It’s a little complicated… Basically pull data from a table in DB on a SQL Instance… and output as xml to an xml file.
    After spending, a few hours, getting all kinds of errors about drive not found, path not found, can’t open the file… bah bah bah. It’s like what the hell?!

    You take that statement and execute it on a console window or powershell window… and no problems, but you get into SSMS, and in a query window… and nothing but errors… So something like this:

    EXECUTE sp_configure 'show advanced options', 1;  
    GO  
    -- To update the currently configured value for advanced options.  
    RECONFIGURE;  
    GO  
    -- To enable the feature.  
    EXECUTE sp_configure 'xp_cmdshell', 1;  
    GO  
    -- To update the currently configured value for this feature.  
    RECONFIGURE;  
    GO  
    
      declare @cmd nvarchar(512);
    -- Please note that the fully qualified table name is needed
    select @cmd = 'bcp "select top 5 [Data] from [ADataBase].[dbo].[ATable] where [ProcessedTime] <= GetDate()-1 and MessageType=''SomeProduct'' order by [ProcessedTime] desc for xml raw, root(''MyexportRoot'')"' + ' QUERYOUT ""B:\BCPBatch\Data\sample.xml"" -T -c -S TheSQL\Instance';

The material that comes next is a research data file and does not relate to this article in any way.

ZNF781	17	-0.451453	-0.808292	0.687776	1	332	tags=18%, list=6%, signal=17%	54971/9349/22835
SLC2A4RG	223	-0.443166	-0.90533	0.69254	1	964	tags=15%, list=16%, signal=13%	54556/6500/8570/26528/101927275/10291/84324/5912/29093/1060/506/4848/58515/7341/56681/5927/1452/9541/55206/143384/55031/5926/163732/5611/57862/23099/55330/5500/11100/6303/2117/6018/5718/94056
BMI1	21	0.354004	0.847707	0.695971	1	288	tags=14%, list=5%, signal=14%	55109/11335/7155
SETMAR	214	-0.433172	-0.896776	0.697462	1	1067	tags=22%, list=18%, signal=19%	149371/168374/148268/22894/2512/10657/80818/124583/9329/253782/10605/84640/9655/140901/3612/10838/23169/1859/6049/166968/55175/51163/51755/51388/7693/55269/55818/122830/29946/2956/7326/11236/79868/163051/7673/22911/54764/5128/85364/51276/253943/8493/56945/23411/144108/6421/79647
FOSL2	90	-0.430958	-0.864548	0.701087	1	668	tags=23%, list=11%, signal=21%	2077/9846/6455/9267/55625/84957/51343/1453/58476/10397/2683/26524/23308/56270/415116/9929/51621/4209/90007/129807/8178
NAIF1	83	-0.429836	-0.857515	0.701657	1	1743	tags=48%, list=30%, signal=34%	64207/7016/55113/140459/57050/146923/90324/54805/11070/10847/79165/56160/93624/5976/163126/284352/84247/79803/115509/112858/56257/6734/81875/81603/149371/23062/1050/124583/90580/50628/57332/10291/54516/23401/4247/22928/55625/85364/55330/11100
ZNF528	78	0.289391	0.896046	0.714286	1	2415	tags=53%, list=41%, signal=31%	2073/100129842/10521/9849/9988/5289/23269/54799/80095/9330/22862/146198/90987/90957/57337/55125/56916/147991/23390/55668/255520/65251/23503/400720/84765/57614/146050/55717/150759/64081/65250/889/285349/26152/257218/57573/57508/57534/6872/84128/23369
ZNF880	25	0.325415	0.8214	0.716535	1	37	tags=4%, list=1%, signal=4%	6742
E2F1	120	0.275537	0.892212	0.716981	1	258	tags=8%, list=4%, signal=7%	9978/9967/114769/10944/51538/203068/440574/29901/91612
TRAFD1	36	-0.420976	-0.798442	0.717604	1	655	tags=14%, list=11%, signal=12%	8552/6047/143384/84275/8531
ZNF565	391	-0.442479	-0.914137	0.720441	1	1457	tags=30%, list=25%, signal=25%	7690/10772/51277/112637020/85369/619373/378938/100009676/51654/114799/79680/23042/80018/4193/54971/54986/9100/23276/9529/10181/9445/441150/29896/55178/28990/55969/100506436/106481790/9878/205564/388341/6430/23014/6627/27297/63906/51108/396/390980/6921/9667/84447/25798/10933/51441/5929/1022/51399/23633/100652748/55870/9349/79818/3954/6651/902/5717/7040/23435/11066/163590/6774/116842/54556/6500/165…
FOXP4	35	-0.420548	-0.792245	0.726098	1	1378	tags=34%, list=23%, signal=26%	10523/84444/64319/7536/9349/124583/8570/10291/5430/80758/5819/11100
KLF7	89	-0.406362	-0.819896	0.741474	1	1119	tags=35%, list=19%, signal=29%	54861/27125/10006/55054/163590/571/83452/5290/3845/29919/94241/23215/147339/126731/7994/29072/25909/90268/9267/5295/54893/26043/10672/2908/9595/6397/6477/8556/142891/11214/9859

exec xp_cmdshell @cmd;
    go
    
    EXECUTE sp_configure 'xp_cmdshell', 0;  
    GO  
    -- To update the currently configured value for this feature.  
    RECONFIGURE;  
    GO  
    
    EXECUTE sp_configure 'show advanced options', 0;  
    GO  
    

    And let the errors happen… and they do. What’s the issue here… well nothing really with the code, but with the fact that my TheSql\Instance was in fact Clustered!

    So why is that a problem? It’s this part here:

    QUERYOUT “”B:\BCPBatch\Data\sample.xml””   – the syntax is correct, but on a clustered server file locations are problematic! Meaning, the cluster does not normally have full access to all of the drives. Now, will a network share work? Not sure. I didn’t test that.

    The solution I suggested was to move to another SQL instance that was not clustered, and the script worked.
    ~SG

     

  • Microsoft,  SQL Server

    A slight issue when one wants to install SQL 2019 Dev, etc The ODBC 17 SQL Driver

    On my way to getting the latest SQL Server installed on one of my Dev PC’s- I ran across the issue of getting prompt for:

    msoledbsql.msi

    What the hell…

    ODBC Driver 17 is what that is about. Apparently, the SQL installed is not smart enough to know that one already has ODBC 17 SQL Driver installed and runs into a major “cannot resolve” the problem. The end result is that one does not get the SQL instance installed…

    But after reading lots of “not really helping” blurbs from the Internet, the Solution is simple… well mostly.

    You have to uninstall the “Microsoft ODBC Driver 17 for SQL Server” – one can find it on windows 10 in the APPS & Features. Uninstall it and redo the SQL install. One should have better luck with moving forward with getting SQL installed…